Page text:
|Publication number||US7025130 B2|
|Application number||US 10/725,124|
|Publication date||Apr 11, 2006|
|Filing date||Dec 1, 2003|
|Priority date||Oct 12, 2001|
|Also published as||CA2462983A1, CA2462983C, CA2643187A1, CA2643187C, US6655460, US20030070842, US20040108108, WO2003033859A1|
|Publication number||10725124, 725124, US 7025130 B2, US 7025130B2, US-B2-7025130, US7025130 B2, US7025130B2|
|Inventors||Thomas F. Bailey, Michael Nero, Timothy L. Wilson|
|Original Assignee||Weatherford/Lamb, Inc.|
|Export Citation||BiBTeX, EndNote, RefMan|
|Patent Citations (37), Referenced by (66), Classifications (21), Legal Events (3)|
|External Links: USPTO, USPTO Assignment, Espacenet|
This application is a continuation of U.S. patent application Ser. No. 09/976,845, filed Oct. 12, 2001, now U.S. Pat. No. 6,655,460, which is incorporated herein by reference.
1. Field of the Invention
The present invention relates to downhole tools. More particularly, the invention relates to the control of downhole tools in a drill string from the surface of a well.
2. Description of the Related Art
Communication to and from downhole tools and components during drilling permits real time monitoring and controlling of variables associated with the tools. In some instances pulses are sent and received at the surface of a well and travel between the surface and downhole components. In other instances, the pulses are created by a component in a drill string, like measuring-while-drilling (“MWD”) equipment. MWD systems are typically housed in a drill collar at the lower end of the drill string. In addition to being used to detect formation data, such as resistivity, porosity, and gamma radiation, all of which are useful to the driller in determining the type of formation that surrounds the borehole, MWD tools are also useful in transmitting and receiving signals from the other downhole tools. Present MWD systems typically employ sensors or transducers which continuously or intermittently gather information during drilling and transmit the information to surface detectors by some form of telemetry, most typically a mud pulse system. The mud pulse system creates acoustic signals in drilling mud that is circulated through the drill string during drilling operations. The information acquired by the MWD sensors is transmitted by suitably timing the formation of pressure pulses in the mud stream. The pressure pulses are received at the surface by pressure transducers which convert the acoustic signals to electrical pulses which are then decoded by a computer.
There are problems associated with the use of MWD tools, primarily related to their capacity for transmitting information. For example, MWD tools typically require drilling fluid flow rates of up to 250 gallons per minute to generate pulses adequate to transmit data to the surface of the well. Additionally, the amount of data transferable in time using a MWD is limited. For example, about 8 bits of information per second is typical of a mud pulse device. Also, mud pulse systems used by an MWD device are ineffective in compressible fluids, like those used in underbalanced drilling.
Wireline control of downhole components provides adequate data transmission of 1,200 bits per second but includes a separate conductor that can obstruct the wellbore and can be damaged by the insertion and removal of tools.
Other forms of communicating information in a drilling environment include wired assemblies wherein a conductor capable of transmitting information runs the length of the drill string and connects components in a drill string to the surface of the well and to each other. The advantage of these “wired pipe” arrangements is a higher capacity for passing information in a shorter time than what is available with a mud pulse system. For example, early prototype wired arrangements have carried 28,000 bits of information per second.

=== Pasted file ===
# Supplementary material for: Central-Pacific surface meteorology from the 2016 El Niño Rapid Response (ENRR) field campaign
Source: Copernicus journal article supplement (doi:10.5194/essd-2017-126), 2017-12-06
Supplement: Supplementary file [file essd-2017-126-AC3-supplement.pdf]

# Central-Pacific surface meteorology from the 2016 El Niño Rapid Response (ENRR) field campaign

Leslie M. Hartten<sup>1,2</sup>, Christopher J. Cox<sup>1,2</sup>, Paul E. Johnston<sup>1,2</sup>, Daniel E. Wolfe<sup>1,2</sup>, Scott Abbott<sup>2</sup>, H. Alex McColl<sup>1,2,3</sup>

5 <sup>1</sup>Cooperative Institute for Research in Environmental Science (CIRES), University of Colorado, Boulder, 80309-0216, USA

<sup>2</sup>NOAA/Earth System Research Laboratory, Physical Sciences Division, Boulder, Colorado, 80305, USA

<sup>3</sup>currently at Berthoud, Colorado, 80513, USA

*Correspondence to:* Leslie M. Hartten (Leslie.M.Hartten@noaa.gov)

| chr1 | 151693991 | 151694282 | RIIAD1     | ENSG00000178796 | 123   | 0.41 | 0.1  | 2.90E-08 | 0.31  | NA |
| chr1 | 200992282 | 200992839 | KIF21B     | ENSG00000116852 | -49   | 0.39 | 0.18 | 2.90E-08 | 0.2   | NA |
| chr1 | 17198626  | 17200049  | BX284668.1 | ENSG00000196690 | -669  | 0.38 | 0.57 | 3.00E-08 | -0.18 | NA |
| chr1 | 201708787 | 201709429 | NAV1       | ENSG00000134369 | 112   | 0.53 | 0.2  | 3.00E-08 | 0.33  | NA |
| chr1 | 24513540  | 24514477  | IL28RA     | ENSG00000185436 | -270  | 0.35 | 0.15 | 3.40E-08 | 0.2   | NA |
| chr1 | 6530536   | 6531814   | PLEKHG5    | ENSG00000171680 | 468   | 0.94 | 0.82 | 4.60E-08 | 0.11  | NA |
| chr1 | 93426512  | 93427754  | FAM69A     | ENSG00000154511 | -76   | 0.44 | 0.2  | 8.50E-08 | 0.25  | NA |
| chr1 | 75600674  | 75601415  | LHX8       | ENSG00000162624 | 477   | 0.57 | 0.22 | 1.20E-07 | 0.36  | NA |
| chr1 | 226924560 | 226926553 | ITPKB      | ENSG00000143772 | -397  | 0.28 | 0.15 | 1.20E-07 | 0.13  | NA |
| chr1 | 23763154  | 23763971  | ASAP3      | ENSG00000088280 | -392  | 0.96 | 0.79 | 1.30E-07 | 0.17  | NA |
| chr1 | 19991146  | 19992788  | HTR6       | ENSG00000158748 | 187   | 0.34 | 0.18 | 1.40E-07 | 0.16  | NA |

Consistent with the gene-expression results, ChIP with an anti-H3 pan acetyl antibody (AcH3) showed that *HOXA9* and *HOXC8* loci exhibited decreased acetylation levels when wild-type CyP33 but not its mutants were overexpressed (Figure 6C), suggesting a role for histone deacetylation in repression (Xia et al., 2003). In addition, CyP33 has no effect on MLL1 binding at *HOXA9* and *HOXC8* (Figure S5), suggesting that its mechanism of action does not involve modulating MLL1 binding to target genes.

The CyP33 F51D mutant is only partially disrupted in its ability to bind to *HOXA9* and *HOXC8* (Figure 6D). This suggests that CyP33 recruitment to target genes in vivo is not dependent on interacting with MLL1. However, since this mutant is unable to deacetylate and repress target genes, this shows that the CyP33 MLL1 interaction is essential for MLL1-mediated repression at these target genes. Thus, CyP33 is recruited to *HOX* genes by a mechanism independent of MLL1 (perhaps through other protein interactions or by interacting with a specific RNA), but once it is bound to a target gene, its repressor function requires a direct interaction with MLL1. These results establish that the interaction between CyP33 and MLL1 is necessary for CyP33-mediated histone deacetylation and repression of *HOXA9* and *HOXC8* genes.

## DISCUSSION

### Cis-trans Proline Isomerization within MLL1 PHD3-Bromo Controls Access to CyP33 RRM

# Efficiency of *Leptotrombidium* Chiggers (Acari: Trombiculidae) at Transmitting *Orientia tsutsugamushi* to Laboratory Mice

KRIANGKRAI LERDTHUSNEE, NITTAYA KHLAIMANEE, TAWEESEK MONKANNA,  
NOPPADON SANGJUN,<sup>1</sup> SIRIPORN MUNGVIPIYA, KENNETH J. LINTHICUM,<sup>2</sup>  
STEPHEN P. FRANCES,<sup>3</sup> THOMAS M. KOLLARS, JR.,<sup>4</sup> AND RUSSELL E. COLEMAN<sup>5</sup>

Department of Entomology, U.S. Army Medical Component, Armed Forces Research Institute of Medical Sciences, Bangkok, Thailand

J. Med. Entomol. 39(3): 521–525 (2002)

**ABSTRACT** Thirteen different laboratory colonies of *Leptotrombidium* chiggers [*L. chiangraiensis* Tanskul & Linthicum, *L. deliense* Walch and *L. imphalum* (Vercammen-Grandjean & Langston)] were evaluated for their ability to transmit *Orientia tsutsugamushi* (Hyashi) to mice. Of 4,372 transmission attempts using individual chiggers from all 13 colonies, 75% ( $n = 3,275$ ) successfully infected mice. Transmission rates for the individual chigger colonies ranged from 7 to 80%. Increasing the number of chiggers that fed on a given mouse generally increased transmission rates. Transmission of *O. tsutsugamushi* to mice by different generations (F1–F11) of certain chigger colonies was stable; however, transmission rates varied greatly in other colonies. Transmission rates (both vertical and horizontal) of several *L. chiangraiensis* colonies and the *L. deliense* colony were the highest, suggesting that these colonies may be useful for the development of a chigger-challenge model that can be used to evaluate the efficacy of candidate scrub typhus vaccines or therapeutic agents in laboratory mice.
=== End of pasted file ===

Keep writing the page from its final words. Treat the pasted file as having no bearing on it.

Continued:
One problem arising with the use of wired pipe is transferring signals between sequential joints of drill string. This problem has been addressed with couplings having an inductive means to transmit data to an adjacent component. In one example, an electrical coil is positioned near each end of each component. When two components are brought together, the coil in one end of the first is brought into close proximity with the coil in one end of the second. Thereafter, a carrier signal in the form of an alternating current in either segment produces a changing electromagnetic field, thereby transmitting the signal to the second segment.
More recently, sealing arrangements between tubulars provide a metal to metal conductive contact between the joints. In one such system, for example, electrically conductive coils are positioned within ferrite troughs in each end of the drill pipes. The coils are connected by a sheathed coaxial cable. When a varying current is applied to one coil, a varying magnetic field is produced and captured in the ferrite trough and induces a similar field in an adjacent trough of a connected pipe. The coupling field thus produced has sufficient energy to deliver an electrical signal along the coaxial cable to the next coil, across the next joint, and so on along multiple lengths of drill pipe. Amplifying electronics are provided in subs that are positioned periodically along the string in order to restore and boost the signal and send it to the surface or to subsurface sensors and other equipment as required. Using this type of wired pipe, components can be powered from the surface of the well via the pipe.
Despite the variety of means for transmitting data up and down a string of components, there are some components that are especially challenging for use with wired pipe. These tools include those having relative motion between internal parts, especially axial and rotational motion resulting in a change in the overall length of the tool or a relative change in the position of the parts with respect to one another. For example, the relative motion between an inner mandrel and an outer housings of jars, slingers, and bumper subs can create a problem in signal transmission, especially when a conductor runs the length of the tool. This problem can apply to any type of tool that has inner and outer bodies that move relative to one another in an axial direction.